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Action on Himalayan tahr vital to conservation

5 March 2019

The Department of Conservation’s Himalayan tahr control work, vital to protecting the unique alpine landscapes of the South Island, resumes this week.

DOC’s Director Community Engagement, Dr Ben Reddiex says DOC will continue working with the hunting community to reduce tahr on conservation land.

“There are reports of numerous tahr herds foraging through tall tussock and other native alpine plants.

“Latest population estimates put the tahr population, across approximately 1.7 million ha of land, at nearly 35,000 animals, well above the limit of 10,000 tahr set out in control plans years ago.

“Urgent action is needed. It is important we stop the population migrating further than the current feral range.

“DOC’s Tahr Control Operational Plan sets to remove 10,000 tahr by the end of August 2019 and we are committed to working with the recreational and commercial hunting sector to achieve this.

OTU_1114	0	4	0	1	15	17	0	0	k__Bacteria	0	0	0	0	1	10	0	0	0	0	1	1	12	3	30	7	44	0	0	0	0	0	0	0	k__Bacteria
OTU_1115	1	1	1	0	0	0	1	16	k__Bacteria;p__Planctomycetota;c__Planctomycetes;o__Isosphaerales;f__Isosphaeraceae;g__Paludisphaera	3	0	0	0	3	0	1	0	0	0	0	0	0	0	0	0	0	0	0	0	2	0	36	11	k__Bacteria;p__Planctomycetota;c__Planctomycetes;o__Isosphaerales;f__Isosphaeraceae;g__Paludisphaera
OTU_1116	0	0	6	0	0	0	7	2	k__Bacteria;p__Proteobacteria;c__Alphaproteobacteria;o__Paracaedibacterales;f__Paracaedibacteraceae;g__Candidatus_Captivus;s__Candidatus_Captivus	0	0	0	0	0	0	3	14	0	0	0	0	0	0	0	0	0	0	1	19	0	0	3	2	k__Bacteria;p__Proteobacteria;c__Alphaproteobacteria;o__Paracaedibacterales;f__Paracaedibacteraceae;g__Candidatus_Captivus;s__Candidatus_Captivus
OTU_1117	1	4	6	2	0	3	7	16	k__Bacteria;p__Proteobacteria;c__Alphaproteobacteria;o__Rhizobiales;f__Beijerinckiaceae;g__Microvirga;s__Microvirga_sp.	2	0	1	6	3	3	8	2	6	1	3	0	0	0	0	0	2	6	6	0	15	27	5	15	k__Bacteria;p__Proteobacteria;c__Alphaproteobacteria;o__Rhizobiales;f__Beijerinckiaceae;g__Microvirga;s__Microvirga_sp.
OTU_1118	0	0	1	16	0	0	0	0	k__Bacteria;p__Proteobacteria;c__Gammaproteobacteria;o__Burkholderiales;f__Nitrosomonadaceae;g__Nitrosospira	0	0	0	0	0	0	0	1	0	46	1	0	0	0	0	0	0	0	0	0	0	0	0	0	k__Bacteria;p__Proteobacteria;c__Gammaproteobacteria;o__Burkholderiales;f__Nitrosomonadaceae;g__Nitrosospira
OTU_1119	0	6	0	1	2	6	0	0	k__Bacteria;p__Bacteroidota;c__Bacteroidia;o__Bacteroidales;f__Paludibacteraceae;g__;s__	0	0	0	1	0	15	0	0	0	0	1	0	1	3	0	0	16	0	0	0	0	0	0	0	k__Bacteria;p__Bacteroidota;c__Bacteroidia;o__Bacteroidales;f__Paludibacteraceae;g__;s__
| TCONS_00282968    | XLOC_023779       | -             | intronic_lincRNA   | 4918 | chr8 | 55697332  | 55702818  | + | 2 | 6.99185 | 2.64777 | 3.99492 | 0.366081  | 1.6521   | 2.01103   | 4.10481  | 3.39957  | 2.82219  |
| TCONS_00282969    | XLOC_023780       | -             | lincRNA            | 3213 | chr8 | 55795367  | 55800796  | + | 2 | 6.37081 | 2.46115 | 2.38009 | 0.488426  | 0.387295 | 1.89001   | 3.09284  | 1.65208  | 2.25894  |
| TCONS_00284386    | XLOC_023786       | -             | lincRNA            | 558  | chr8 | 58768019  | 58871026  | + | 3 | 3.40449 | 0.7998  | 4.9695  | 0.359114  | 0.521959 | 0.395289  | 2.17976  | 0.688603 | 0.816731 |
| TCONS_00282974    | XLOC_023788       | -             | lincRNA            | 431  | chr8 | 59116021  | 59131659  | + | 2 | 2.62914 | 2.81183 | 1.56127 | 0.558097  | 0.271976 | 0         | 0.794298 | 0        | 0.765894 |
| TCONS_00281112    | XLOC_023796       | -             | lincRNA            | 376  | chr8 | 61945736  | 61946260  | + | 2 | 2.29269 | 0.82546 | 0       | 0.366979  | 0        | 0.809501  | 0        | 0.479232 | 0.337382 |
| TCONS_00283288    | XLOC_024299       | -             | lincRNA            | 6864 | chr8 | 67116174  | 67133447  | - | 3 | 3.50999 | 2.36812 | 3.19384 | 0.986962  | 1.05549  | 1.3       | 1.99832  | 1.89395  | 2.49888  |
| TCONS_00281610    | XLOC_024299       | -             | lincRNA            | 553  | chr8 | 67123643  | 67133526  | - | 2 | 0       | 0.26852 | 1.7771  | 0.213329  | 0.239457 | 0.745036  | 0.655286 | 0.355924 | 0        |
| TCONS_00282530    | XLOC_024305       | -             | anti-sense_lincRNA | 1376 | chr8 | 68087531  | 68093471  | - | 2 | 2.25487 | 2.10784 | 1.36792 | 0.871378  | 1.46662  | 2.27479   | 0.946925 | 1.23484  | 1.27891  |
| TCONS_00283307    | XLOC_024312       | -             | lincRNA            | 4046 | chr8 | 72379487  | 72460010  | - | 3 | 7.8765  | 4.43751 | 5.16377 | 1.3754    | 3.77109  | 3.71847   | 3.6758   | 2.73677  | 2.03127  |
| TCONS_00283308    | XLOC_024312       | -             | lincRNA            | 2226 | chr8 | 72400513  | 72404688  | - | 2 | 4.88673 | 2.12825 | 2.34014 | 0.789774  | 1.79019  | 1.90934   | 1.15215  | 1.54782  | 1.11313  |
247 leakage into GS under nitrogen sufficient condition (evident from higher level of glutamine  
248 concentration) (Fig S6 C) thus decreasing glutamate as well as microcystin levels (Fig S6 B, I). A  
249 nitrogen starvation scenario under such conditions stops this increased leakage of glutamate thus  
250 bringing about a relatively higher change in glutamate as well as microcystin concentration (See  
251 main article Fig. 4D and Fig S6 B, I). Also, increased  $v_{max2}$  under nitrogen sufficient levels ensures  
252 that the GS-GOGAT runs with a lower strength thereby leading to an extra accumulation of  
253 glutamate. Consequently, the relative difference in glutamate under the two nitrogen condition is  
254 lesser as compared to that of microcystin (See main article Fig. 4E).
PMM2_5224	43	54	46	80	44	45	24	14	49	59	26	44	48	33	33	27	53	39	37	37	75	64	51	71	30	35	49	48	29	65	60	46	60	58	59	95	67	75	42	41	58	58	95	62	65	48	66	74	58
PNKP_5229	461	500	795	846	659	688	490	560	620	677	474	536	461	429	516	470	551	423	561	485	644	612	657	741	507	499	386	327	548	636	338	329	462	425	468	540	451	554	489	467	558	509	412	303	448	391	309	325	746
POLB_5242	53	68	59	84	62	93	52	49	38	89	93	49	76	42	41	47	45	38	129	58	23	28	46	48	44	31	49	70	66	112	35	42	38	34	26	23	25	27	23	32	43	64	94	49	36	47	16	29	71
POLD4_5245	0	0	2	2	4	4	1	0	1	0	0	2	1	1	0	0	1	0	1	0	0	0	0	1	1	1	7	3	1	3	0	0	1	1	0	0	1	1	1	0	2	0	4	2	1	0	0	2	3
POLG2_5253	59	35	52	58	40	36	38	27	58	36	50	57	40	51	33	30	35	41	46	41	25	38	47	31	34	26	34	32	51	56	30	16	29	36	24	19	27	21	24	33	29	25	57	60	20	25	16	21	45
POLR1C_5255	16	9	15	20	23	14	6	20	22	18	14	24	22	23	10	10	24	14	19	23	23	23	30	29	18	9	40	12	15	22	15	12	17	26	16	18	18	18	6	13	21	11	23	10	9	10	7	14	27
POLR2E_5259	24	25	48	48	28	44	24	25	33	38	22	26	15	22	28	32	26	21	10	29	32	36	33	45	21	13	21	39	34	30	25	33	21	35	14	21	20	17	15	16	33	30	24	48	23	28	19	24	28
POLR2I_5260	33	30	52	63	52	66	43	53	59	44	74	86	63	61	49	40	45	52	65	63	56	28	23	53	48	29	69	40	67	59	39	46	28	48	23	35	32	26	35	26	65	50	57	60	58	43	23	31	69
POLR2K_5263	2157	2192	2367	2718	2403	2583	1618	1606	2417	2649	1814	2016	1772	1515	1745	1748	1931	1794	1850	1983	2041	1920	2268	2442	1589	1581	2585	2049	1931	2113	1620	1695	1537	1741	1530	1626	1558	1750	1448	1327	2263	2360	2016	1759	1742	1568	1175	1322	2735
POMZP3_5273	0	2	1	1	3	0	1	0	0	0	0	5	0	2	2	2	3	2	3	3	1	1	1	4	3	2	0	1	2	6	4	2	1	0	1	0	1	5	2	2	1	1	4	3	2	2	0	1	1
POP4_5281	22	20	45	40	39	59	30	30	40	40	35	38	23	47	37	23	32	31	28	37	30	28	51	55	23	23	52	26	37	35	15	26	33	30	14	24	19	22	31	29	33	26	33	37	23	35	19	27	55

“Initial control efforts will focus on tahr exclusion zones and in associated buffer areas.

Opportunities for the hunting community include:

DOC will leave bulls in the seven Tahr Management Units for recreational and commercial hunters to hunt.
Organised recreational hunting groups, Wild Animal Recovery Operations (WARO) and Aerially Assisted Trophy Hunting off-sets will be counted.
Information on the location of any bulls will be provided to the hunting sector.
Approximately $1 million has been allocated for Himalyan tahr control and further research into tahr abundance and its impacts on the environment until August this year.

“There is no plan to eradicate tahr however we need to ensure that New Zealand alpine ecosystems are protected from the growing tahr population,” says Dr Reddiex.


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